Bronze ceremonial libation vessel jue, of royal provenance

Shang dynasty, Anyang phase 13th – 12th century BC

Height: 7 inches, 17.8 cm
Width: 6 inches, 15.2 cm

Bronze ceremonial liabation vessel

Bronze ceremonial libation vessel jue, of royal provenance

Fig 1 - Zi Mei jue in the Rong Hou collection
Fig 2 - Zi Mei jue in the Rong Hou collection

Fig 1 & 2 – Zi Mei jue in the Rong Hou collection

A bronze libation vessel of jue form, the deep U.shaped body supported on three slender, slightly splayed legs that end in sharp points and that have grooves running on either side. The vessel has a long curved spout; opposite it the rim rises into a pointed flange. At the base of the spout are two semi.circular posts, capped by mushroom.shaped finials. A C.shaped handle is attached to one side and is embellished with a finely detailed bovine mask with prominent horns and ears. A single, broad band of intaglio ornament encircles the vessel. It consists of a complex pattern incorporating bold taotie masks with bulging eyes. Three raised vertical flanges interrupt the frieze, dividing it into sections. The ornament extends upwards to a row of triangular forms and also underneath the spout of the vessel. The finials are decorated with swirling ornament. A two.character inscription, zi mei, is cast underneath the handle of the vessel. The vessel is mostly covered in a mellow green patina, leaving some areas uncovered and showing the original colour of the material.


One of the most classical and recognisable shapes in archaic bronzes, the jue tripod libation cup was often paired with the gu beaker. Although it is generally assumed that the jue tripod derives its shape from Neolithic pottery, a theory has also been put forward that its shape was inspired by an ox horn to which two legs had been added to support it.[1] Jue were used in rituals to serve warm wine and other liquids. These rituals were carried out in a prescribed manner, with the number, type and size of the vessels determined by the importance of the participants and the occasion.[2] The present jue is remarkable for its quality of casting and its beautiful patina. The two.character inscription, zi mei, reveals its original owner’s name. Zi Mei was once thought to be the wife of a prince who lived in the mid.Shang dynasty,[3] but she has recently been identified as one of the two daughters of Wu Ding (1250 – 1192 BC), the 23rd king of the Shang dynasty.[4] She might have served in the Shang court as an officer and had her own fief.[5] There are only a few known bronze vessels with the zi mei inscription dated to the late Shang dynasty, and all are believed to have been unearthed from Anyang city, Henan province. This leads us to believe that the current example originates from the same place as well. Among the bronzes with the zi mei inscription, there are only eight libation vessels jue, and seven of them are of very similar style of decoration and pattern.[6] Comparing the ink rubbings of the images and inscriptions of these seven jue, it turns out that a particular piece, recorded as no. 8080, is nearly identical in shape, inscription, and even the pattern of the patina. This leads us to believe that this is the same piece as the present one. Bronze jue no. 8080 (figs. 1 & 2) has a clearly traceable provenance, including its last known owner, Rong Hou (also known as Jung Hou, 1874 .?), a Minister of Finance of the Northeastern provinces during the early period of the Republic of China, and the first president of the Central Bank of the Manchukuo (State of Manchuria, 1932 .1945).[7] Rong Hou was a well-known collector of early Chinese bronzes, and 169 pieces of his bronze collection were researched by the Japanese archaeologist Umehara Sueji (1893 .1983) and published in four volumes of catalogues, known as Guan jia lou ji jin tu (Images of bronzes in Guanjialou) in 1947 – including the no. 8080 bronze jue which is listed as no. 23 in the second volume. Some of the bronzes in the Rong Hou collection are preserved in museums, such as a comparable jue (no. 8079) now in the collection of the Shanghai Museum.[8] However, most of his collection found its way later into the open market, therefore the records in Guan jia lou ji jin tu have become the most reliable references for those bronzes.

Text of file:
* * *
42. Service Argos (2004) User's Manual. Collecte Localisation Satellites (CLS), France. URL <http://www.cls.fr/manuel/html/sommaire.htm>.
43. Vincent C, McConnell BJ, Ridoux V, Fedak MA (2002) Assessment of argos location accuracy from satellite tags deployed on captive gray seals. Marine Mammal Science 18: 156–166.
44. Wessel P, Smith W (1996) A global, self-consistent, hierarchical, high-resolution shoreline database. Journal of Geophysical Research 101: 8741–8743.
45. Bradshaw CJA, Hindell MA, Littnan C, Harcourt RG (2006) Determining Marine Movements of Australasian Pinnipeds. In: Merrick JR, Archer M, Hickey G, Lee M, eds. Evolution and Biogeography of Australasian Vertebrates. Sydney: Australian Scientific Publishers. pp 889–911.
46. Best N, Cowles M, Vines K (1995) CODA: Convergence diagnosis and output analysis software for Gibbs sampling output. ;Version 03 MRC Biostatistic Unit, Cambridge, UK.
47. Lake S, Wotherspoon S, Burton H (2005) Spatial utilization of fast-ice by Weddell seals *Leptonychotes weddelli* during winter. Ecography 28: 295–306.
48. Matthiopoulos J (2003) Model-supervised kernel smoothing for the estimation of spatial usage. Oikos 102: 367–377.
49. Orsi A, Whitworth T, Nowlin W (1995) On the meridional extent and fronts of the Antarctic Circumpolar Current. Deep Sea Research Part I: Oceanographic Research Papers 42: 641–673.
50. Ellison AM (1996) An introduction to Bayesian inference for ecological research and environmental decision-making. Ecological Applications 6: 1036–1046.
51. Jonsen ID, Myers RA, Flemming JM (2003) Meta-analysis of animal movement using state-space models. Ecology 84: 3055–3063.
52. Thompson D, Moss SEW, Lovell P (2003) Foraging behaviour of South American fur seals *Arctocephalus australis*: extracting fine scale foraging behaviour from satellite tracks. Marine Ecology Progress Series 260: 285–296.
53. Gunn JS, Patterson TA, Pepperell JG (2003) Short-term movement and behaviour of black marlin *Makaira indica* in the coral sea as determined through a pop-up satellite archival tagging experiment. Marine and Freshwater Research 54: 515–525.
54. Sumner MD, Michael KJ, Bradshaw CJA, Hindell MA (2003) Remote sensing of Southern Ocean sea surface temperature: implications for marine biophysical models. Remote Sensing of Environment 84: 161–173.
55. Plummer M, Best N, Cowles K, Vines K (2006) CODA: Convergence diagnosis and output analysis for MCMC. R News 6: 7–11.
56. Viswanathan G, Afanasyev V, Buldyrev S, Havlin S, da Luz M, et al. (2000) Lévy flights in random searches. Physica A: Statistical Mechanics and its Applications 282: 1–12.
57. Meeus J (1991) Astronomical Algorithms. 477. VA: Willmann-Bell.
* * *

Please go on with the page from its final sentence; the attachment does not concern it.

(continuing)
Private collection, France, acquired in Hong Kong in the 1970’s

  1. Watson, W. Ancient Chinese Bronzes, Faber and Faber, 1962, p. 40
  2. Knight, M. Early Chinese Metalwork in the Collection of the Seattle Art Museum, 1989, p. 2
  3. Wu, Z.F. ed. Jinwen renmming huibian (Names in bronze inscriptions), Zhonghua shuju, Beijing, 2006, p. 34
  4. Liu, Jinrong, ‘Explore Song “Zi name”’ in Journal of Shaoxing University, 2013, vol.33, no.2, p. 90
  5. Liu, Jinrong, op. cit. p. 90
  6. Zhongguo shehui kexueyuan kaogu yanjiusu bian (Institute of Archaeology, Chinese Academy of Social Science ed.), Yin Zhou jin wen ji cheng (Compilation of bronze inscriptions of the Shang and Zhou dynasties), Zhonghu shuju yingyin, Peking, 1984, vol. 13, nos. 8077 – 8083, pp. 223-4
  7. The bronze no. 8080 has also been published in the following catalogues: Luo, Z.Y. ed. San dai ji jin wen cun (Collection of bronze inscriptions of three dynasties), Zhonghua shuju, Beijing, 1937, no.15.29.11; Rong, H. and Umehara, S. Guan jia lou ji jin tu, Kobayshi Cho.bun,, 1947, vol. II, no. 23; Yan, Y.P. Jin wen zong ji (Collection of bronze inscriptions), Yiwen yinshuguan, Taipei, 1983, no. 3551
  8. Zhongguo shehui kexueyuan kaogu yanjiusu bian, op. cit. no. 8079, p. 223
Bronze ceremonial libation vessel